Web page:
Of course, with implants and more sophisticated technology, that picture is changing once again. There’s even talk about doing much of the work via CAD/CAM software. And now, Ponichtera explains, “almost all of the oral surgeons, almost all of the programs are gonna be M. D. programs. They have much more training in facial and plastic surgery, and they’re getting out of the role of just taking out teeth. But there’s still a select population that can’t be treated surgically. And that’s where I come in.”
A lot of kids missing ears get sent over from Connecticut Children’s Medical Center (CCMC) in Hartford, for instance. He’ll make a diagnostic wax-up or guide for where the implants need to be; later, after Dr. Richard Bevilaequa at CCMC has surgically placed the screw, Ponichtera will “attach a silicone ear to it. Clips in – clips off. We’ve done noses that way – clip in and clip off – and, well, you don’t have to worry about it. It stays on.” In the past, they would’ve had to glue the prostheses on.
Sometimes his creativity really gets a work-out, Ponichtera admits. They’ve had a couple of people come in “who have been missing almost half their face, and you really can’t put implants in because” – there’s a long, thoughtful but matter-of-fact pause – “they’re kinda at the end stage of life. But you can make them a prosthesis, and they become a little more socially acceptable. And that’s kinda cool.”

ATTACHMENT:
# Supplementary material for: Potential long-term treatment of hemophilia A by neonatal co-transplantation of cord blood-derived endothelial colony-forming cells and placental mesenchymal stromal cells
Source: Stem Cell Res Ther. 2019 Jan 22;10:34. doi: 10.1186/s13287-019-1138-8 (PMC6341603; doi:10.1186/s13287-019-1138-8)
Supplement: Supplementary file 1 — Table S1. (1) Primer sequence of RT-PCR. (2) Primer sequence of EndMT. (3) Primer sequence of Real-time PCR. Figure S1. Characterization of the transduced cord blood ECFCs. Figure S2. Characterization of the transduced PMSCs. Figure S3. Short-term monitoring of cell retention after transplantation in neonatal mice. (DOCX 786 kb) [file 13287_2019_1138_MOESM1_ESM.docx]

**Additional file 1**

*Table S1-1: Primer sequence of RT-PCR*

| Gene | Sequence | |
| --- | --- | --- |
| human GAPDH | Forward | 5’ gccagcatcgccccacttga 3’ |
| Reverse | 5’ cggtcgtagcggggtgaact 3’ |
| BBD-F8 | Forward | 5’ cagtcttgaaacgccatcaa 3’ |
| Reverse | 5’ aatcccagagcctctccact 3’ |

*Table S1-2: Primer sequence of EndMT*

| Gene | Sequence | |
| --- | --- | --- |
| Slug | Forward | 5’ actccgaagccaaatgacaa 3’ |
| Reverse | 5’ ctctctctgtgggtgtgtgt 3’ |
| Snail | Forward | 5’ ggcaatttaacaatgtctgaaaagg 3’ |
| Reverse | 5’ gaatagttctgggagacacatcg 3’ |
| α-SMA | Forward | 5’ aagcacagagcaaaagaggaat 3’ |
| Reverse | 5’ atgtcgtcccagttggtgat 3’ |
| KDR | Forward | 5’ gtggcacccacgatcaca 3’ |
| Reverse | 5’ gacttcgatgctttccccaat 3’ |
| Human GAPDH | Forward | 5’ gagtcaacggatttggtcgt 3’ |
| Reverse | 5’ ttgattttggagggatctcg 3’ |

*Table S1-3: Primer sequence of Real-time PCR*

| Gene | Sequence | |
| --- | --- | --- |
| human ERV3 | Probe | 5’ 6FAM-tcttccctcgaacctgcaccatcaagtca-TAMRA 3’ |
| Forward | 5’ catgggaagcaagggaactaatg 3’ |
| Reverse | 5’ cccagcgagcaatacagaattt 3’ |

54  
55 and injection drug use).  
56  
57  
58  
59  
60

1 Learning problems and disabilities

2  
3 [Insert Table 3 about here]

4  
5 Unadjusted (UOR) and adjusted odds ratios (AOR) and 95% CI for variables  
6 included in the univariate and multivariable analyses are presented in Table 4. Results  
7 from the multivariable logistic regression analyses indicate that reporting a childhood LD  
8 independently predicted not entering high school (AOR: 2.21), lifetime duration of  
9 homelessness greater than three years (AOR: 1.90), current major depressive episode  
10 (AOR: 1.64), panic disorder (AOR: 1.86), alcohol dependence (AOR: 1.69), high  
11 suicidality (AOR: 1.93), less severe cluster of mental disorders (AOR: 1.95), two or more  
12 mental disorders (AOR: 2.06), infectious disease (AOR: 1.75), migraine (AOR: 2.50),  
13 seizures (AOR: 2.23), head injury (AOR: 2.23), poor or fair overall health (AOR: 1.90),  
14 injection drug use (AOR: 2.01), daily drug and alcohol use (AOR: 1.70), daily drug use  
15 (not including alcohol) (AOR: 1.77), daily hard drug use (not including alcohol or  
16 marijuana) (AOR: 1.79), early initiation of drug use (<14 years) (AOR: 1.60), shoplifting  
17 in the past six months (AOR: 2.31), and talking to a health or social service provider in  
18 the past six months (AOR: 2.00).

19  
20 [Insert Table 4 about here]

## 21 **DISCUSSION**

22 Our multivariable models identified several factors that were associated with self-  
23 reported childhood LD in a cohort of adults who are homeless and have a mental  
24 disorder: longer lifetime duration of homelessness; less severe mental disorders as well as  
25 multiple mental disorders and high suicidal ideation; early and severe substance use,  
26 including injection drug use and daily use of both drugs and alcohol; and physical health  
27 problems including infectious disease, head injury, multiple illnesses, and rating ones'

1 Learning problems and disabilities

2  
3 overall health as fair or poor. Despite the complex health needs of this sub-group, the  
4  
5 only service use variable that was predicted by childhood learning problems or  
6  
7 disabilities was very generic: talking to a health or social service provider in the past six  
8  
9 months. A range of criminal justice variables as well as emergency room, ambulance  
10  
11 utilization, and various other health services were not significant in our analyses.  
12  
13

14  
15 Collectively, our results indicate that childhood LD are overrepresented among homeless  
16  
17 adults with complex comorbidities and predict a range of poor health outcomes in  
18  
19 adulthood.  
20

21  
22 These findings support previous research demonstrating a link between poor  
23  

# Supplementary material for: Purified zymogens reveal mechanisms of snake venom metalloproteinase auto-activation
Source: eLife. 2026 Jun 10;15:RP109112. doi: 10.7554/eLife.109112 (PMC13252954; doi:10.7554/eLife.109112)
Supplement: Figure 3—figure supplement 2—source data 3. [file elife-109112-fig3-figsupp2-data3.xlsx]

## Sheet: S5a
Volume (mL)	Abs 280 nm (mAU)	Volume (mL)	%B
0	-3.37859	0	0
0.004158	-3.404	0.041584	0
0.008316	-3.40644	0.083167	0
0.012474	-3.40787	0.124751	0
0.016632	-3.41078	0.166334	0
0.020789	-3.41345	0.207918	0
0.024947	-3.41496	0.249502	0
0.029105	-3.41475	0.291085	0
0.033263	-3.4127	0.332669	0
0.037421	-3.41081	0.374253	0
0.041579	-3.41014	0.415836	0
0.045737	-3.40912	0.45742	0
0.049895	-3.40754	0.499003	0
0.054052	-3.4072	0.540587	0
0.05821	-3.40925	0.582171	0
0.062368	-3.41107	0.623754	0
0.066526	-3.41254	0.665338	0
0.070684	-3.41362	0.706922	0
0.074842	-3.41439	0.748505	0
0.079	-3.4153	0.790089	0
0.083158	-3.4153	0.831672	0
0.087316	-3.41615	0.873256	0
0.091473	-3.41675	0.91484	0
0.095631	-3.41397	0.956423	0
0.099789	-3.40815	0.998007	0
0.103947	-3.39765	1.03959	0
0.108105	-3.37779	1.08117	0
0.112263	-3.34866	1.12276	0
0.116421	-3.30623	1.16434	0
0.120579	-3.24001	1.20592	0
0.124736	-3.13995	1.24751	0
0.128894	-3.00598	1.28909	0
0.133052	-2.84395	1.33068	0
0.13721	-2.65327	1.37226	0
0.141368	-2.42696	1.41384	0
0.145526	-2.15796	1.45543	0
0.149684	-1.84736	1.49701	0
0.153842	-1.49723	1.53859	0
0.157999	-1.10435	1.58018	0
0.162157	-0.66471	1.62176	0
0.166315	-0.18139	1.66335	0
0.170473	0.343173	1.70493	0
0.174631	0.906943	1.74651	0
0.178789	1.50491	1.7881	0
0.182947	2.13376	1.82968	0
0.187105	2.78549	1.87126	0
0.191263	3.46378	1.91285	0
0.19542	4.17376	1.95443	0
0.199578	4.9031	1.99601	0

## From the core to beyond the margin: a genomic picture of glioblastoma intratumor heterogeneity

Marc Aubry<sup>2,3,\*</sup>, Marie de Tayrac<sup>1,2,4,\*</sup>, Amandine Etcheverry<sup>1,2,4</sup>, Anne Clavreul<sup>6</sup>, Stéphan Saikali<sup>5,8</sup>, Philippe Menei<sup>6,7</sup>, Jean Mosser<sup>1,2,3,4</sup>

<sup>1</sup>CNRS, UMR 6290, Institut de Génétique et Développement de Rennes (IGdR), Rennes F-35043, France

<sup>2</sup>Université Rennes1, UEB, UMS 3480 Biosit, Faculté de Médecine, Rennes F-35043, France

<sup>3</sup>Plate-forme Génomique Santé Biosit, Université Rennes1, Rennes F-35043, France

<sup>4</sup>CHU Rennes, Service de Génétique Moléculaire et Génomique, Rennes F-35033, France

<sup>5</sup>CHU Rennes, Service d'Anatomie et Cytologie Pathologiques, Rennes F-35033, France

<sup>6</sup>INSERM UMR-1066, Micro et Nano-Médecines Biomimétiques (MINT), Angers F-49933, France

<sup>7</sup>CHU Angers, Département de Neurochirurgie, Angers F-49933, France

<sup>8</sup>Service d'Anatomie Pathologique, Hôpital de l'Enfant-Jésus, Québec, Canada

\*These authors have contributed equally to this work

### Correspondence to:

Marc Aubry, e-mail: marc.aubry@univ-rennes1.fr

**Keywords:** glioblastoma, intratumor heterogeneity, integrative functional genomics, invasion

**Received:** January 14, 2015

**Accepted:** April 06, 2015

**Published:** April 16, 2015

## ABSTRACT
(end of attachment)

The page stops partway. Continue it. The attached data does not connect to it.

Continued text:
He shows me a model. “The ear is over here,” he says. “We make it out of wax so that we can basically boil it out.” That leaves him with a model to put the silicone in; the silicone then cures with a little bit of heat. He brings out more forms: one for a patient without an eye an another for a cancer patient missing part of a jaw. (The latter has an obturator for closing the the palate's opening.) He keeps the individual molds in case the patients ever need replacements parts. “I mean, I could make another ear for this patient without his being here. And I have a record of what colors they use….We used to mix up all our own colors.” He laughs. “Like art class. Now they have kits that are available. But I still have my own colors that I like to use. Just gets you a little bit better customization.”
In fact, Ponichtera really prefers doing the whole process himself. He gets a stronger sense of what works for the patient that way. And he’s not above bringing his work home with him. “My wife gets a little bit upset with me at times because” – he chuckles – “I’ll be doing this in the basement for a few hours.”
So, what would Derwent Wood say to it all? “He’d be amazed at how much it had changed,” Ponichtera concedes. “But the principles haven’t changed.” He himself appreciates the technological advancements but still leans toward the hand-crafted. “And that’s what I get out of it,” he says. “It’s like you put your little heart and soul in the whole thing, and it’s yours. And I think there’s more value in it than if it’s just done by computer or manufactured."